SPRINGFIELD, Vt. — The Springfield School Board denied a petition submitted by the student-led group AWARE to raise the Black Lives Matter flag in a showing of support and solidarity following a two-hour discussion filled with personal accounts of racist and anti-Semitic incidents in Springfield schools.
It was a somber night for the 100-plus attendees of the Springfield School Board’s bi-weekly meeting on Monday as five members of the AWARE group, two advisors, and countless fellow scholars, educators, parents, town residents, and board members unmuted their Google Meet microphones and expressed concerns over unaddressed acts of discrimination and bullying throughout the school district.
The petition, which has been signed by a couple hundred individuals, calls for the Black Lives Matter flag to fly outside Springfield High School indefinitely as a symbolic gesture that their voices are being heard after years of inadequate resolution.
“We would like to invite our community to a conversation about education and issues in the Springfield community,” a letter submitted by AWARE to the Springfield School Board states. “One of those issues is racism, though many might not see it or experience it. Racism is something students of Springfield schools deal with on a daily basis. We also know that people deal with other serious and important issues and we are in no way discrediting that experience. We feel though, this is something that we can improve in our school and our community.”
Superintendent Zach McLaughlin opened the new business topic by detailing two meetings held with students in regards to this appeal followed by five members of the AWARE group — Zoe Avent, Makaila Dorcely, Natalia Dorcely, Tristin Grant, and Maya Owens — introducing the proposal in conjunction with speeches that at their heart conveyed a shared sense of fear and lack of security at school.
“There was one day where teachers had to physically escort some students of color, myself included, because they feared for our safety. Students of color feel so unsafe in school that some of them don’t even come to school in fear of their peers’ reactions and retaliation and I don’t blame them,” said Natalia Dorcely, who also referenced the 2017 incident involving an 8-year-old biracial boy from Claremont that resulted in neck injuries after he was pushed from behind off a picnic table with a rope looped around his neck. “There is violence in this community that is ignored and normalized and I’m sick of it.”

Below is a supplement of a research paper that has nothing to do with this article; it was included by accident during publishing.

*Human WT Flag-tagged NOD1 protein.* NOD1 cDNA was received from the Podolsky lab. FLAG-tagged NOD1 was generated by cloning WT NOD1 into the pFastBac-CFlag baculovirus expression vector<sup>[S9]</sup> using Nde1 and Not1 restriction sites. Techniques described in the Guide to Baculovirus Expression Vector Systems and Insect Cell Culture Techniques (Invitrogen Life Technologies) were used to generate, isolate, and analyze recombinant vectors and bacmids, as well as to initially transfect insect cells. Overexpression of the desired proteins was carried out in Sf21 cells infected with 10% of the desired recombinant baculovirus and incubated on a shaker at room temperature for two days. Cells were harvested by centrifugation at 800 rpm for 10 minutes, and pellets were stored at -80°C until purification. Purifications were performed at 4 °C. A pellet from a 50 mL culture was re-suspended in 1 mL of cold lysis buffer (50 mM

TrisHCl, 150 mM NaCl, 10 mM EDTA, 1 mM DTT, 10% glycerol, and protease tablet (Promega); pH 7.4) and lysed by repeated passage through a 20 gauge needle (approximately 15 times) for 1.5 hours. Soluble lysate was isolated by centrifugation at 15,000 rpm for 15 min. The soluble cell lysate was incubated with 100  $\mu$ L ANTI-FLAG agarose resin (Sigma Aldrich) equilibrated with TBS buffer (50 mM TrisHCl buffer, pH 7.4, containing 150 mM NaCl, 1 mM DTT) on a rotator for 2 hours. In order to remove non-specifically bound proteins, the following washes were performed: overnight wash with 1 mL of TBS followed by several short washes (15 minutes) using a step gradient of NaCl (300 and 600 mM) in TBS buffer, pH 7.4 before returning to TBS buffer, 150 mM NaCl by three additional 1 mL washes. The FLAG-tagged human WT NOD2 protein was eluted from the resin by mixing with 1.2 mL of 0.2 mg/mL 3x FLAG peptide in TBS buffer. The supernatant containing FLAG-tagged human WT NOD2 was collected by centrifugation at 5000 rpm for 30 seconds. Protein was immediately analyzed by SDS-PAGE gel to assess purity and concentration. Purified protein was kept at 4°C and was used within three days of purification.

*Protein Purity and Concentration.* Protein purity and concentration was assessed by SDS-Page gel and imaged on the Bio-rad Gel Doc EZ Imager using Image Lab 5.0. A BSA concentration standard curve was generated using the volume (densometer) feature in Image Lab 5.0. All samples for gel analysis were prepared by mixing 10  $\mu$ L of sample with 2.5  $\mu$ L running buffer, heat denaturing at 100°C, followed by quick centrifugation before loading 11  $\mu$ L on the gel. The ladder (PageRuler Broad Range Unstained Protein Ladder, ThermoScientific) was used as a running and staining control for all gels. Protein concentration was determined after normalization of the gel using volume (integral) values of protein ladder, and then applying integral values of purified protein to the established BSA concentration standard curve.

Natalia also said that the use of racial slurs and the communication of racist notions have become so normalized that students were compelled to start a book documenting their experiences.
For Ariana Dorcely, the novel coronavirus pandemic actually brought a sense of relief when she was presented the option to learn from home. While some students saw this as an extraordinary opportunity to attend class from the comfort of their room for the sake of it, in Ariana’s eyes, this choice bestowed something vastly more meaningful: a way to avoid racist incidents and comments that have significantly affected her educational experience.
“During my eighth grade year I was called the n-word almost every day by a number of different students. The solution for this issue was a one-day suspension for the students who dehumanized me by using that word to address me. After this happened, I was afraid to go to school and my grades started to drop,” Ariana Dorcely said. “When I was given the choice this school year between hybrid and remote learning, I chose to learn from home. I made this decision for a number of reasons, but primarily to avoid the racism that is prevalent in this school. I truly think that this raising of the flag would show the support of our community in eliminating racism and the support of educating each other on racism.”
In total, the students who spoke recounted a number of instances where they have been made to feel less than their peers by fellow scholars and school officials based solely on their identity. These include, but are certainly not limited to: being called a “slave” and “cotton picker” in school, among other racial slurs; being escorted off school property after it was deemed unsafe for students of color; being told Afro-picks are not a good public representation of the Green Horn by other students on the Green Horn; being told to “hold our tongue” when racist things are said in class; and Confederate flags being flown on student vehicles.
One incident brought up more often than any other was a situation in which a Wi-Fi hotspot created at the school was inappropriately and offensively named. According to Natalia Dorcely, the resolution to the situation offered by the school was to make an announcement saying the n-word isn’t allowed.
These experiences have led to reports of the deterioration of students’ mental health.
“In my four years of high school I’ve gone through immense trauma through various forms of racism in the community, whether it was being escorted from the school because of physical threats, being followed in the hallway by multiple teachers because they didn’t believe I was heading to class, being targeted and threatened on social media and various other unanimous chat services, or being denied opportunities I know I deserve and watch other people get them even though I work harder,” Makaila Dorcely said. “I’ve had to grow up way too fast both mentally and emotionally and I’ve had to learn how to survive in a world that doesn’t expect nor want me to and still I’m expected to remain silent, respectful, and try to blend into the norm because if I don’t I’m met with extreme backlash.”